Congress, in its infinite wisdom, has banned Thomas Edison’s masterpiece. Stores have to stop selling incandescent light bulbs in 2014. But if you are one of the folks who have embraced the new, more expensive, energy-efficient cfl bulbs, you might want to reconsider.
The cfl light bulb, besides looking like a socket with a curly fry attached to it, is actually very deadly.
In short: Don’t sit near one, breath the air surrounding one—or worse yet, break one.
Yup, in the name of saving the environment, the feds are destroying the environment, and endangering people in the process. The Telegraph reports on the energy-saving light bulbs:
Fears have been reignited about the safety of energy-saving light bulbs after a group of scientists warned that they contain cancer-causing chemicals.
Scientists claim that several carcinogenic chemicals are released when energy-saving light bulbs are switched on.
Their report advises that the bulbs should not be left on for extended periods, particularly near someone’s head, as they emit poisonous materials when switched on.
Peter Braun, who carried out the tests at the Berlin’s Alab Laboratory, said: “For such carcinogenic substances it is important they are kept as far away as possible from the human environment.”
Later on, the article goes on to warn readers not to use these bulbs in poorly ventilated areas.
But perhaps an even greater risk to people is the bulbs breaking—and as anyone with children knows, eventually one will probably get broken.
The U.S. Environmental Protection Agency (epa) details what to do to avoid mercury poisoning in such a scenario. Here are some of the steps. You can read the full set of instructions at the website. If you are overwhelmed by the instructions, or the possible health risks, you might consider hiring a hazmat crew—or moving. According to the epa, if a bulb breaks:
Have people and pets leave the room, and avoid the breakage area on the way out.
Open a window or door to the outdoors and leave the room for 5-10 minutes.
Shut off the central forced-air heating/air conditioning (H&AC) system, if you have one.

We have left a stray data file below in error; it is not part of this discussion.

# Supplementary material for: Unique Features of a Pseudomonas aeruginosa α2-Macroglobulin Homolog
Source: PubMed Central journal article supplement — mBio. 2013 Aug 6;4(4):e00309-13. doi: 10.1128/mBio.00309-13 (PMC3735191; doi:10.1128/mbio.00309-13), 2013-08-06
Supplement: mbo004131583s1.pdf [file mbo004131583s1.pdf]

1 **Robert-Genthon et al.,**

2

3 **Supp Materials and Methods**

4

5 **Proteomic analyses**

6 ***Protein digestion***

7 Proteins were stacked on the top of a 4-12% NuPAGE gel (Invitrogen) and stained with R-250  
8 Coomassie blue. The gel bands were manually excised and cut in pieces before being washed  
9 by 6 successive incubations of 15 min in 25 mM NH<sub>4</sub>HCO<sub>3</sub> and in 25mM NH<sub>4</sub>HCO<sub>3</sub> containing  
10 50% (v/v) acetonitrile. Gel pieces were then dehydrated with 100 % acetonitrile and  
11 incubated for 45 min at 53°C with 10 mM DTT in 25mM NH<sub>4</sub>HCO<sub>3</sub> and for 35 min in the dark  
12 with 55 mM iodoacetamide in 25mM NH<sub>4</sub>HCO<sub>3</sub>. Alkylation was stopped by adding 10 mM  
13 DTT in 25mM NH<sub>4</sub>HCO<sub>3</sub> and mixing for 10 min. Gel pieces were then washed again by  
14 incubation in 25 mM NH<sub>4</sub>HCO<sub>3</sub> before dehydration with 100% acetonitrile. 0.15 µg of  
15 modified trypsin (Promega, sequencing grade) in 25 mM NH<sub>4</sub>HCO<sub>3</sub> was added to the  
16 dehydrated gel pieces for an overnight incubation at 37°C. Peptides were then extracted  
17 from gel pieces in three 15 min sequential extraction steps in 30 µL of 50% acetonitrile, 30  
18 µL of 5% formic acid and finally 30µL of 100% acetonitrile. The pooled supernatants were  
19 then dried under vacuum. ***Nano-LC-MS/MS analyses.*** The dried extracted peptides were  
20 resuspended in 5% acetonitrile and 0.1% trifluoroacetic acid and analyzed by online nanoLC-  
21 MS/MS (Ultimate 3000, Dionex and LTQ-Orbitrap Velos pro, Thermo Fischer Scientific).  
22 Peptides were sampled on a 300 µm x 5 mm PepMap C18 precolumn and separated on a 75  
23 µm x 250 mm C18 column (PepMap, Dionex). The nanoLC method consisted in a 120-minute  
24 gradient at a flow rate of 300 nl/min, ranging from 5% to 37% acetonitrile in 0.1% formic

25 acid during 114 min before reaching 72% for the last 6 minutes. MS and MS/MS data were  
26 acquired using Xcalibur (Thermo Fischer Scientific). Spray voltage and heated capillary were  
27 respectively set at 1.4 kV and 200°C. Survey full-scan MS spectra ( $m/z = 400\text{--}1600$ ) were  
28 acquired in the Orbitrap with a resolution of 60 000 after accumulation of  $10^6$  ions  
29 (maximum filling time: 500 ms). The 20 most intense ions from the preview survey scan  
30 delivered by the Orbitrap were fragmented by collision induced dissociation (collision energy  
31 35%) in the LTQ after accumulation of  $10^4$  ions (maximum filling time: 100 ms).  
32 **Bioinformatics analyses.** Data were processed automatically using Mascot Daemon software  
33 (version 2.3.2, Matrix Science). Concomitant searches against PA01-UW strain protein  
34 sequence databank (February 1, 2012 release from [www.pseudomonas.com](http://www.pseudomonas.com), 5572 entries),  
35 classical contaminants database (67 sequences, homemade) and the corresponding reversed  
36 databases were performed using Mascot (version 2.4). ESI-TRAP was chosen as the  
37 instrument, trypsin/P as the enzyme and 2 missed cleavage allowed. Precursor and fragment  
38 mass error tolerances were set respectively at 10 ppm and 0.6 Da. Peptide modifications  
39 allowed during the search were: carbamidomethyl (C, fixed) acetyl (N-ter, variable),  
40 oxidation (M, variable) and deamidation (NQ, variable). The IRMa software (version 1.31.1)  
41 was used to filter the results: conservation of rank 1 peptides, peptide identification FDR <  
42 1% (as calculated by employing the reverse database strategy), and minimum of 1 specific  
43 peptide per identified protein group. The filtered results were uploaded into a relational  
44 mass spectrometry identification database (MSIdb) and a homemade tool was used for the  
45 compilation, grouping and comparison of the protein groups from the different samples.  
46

Collect materials you will need to clean up the broken bulb: stiff paper or cardboard; sticky tape (e.g., duct tape); damp paper towels or disposable wet wipes (for hard surfaces); glass jar with a metal lid (such as a canning jar) or a sealable plastic bag(s).
The stiff paper and cardboard is to carefully pick up the broken glass without having to touch it. The sticky tape is to collect any fragments from the floor that you missed. You don’t want to sweep hard surfaces because it could stir up the poisonous particles.
The glass jar with a metal lid is needed because plastic does not stop mercury vapor. Put the glass fragments into the glass jar before disposing.
But don’t dispose in your trash. Mercury is a hazardous substance, and most states require you to take it to a certified recycling center.
The Maine epa, under the heading “What if I accidentally break a fluorescent lamp in my house?” warns:
Do not use a vacuum cleaner to clean up the breakage. This will spread the mercury vapor and dust throughout the area and could potentially contaminate the vacuum. …
Ventilate the area by opening windows, and leave the area for 15 minutes before returning to begin the cleanup. Mercury vapor levels will be lower by then. …
For maximum protection and if you have them, wear rubber gloves. …
Continue ventilating the room for several hours.
Wash your hands and face.
Finally, the Maine epa includes a couple of other warnings not included on the federally-sponsored site:
When a break happens on carpeting, homeowners may consider removing throw rugs or the area of carpet where the breakage occurred as a precaution, particularly if the rug is in an area frequented by infants, small children or pregnant women.
Finally, if the carpet is not removed, open the window to the room during the next several times you vacuum the carpet to provide good ventilation.
Wow. What an example of bad government. Who in their right mind would mandate the usage of these types of light bulbs? In theory, a person might save money, but how many people can afford to throw out their carpet if a bulb breaks? Who wants to evacuate their children and pets from their home for 15 minutes while they are waiting for toxicity levels to drop? Who wants to have to ventilate their house for “several hours” in the middle of winter? Who wants to open up their windows every time they vacuum the contaminated area? What if you forget to turn off your air conditioning or heating unit and you suck up the mercury vapor into the vents?
And now scientists are warning that these “green” bulbs give off cancer-causing chemicals just by being turned on.
What about when you go to sell your house to an unsuspecting buyer? Do you need to disclose that you have had a potentially dangerous mercury spill?
If this green light bulb boondoggle isn’t bad enough, it is also an economic albatross. General Electric announced in 2010 that due to the new government regulations, it would close its last incandescent light bulb factory in the United States. The whole industry in the U.S. is now dead. Guess where the new, more expensive bulbs are manufactured? China.
If we are going to poison Americans and our environment, can’t we at least keep the manufacturing jobs here in America? But no. Instead, in our green energy hypocrisy, we will pay the Chinese to employ thousands of workers to manufacture environmentally harmful products that poison us.
Isaiah 3 anyone? ▪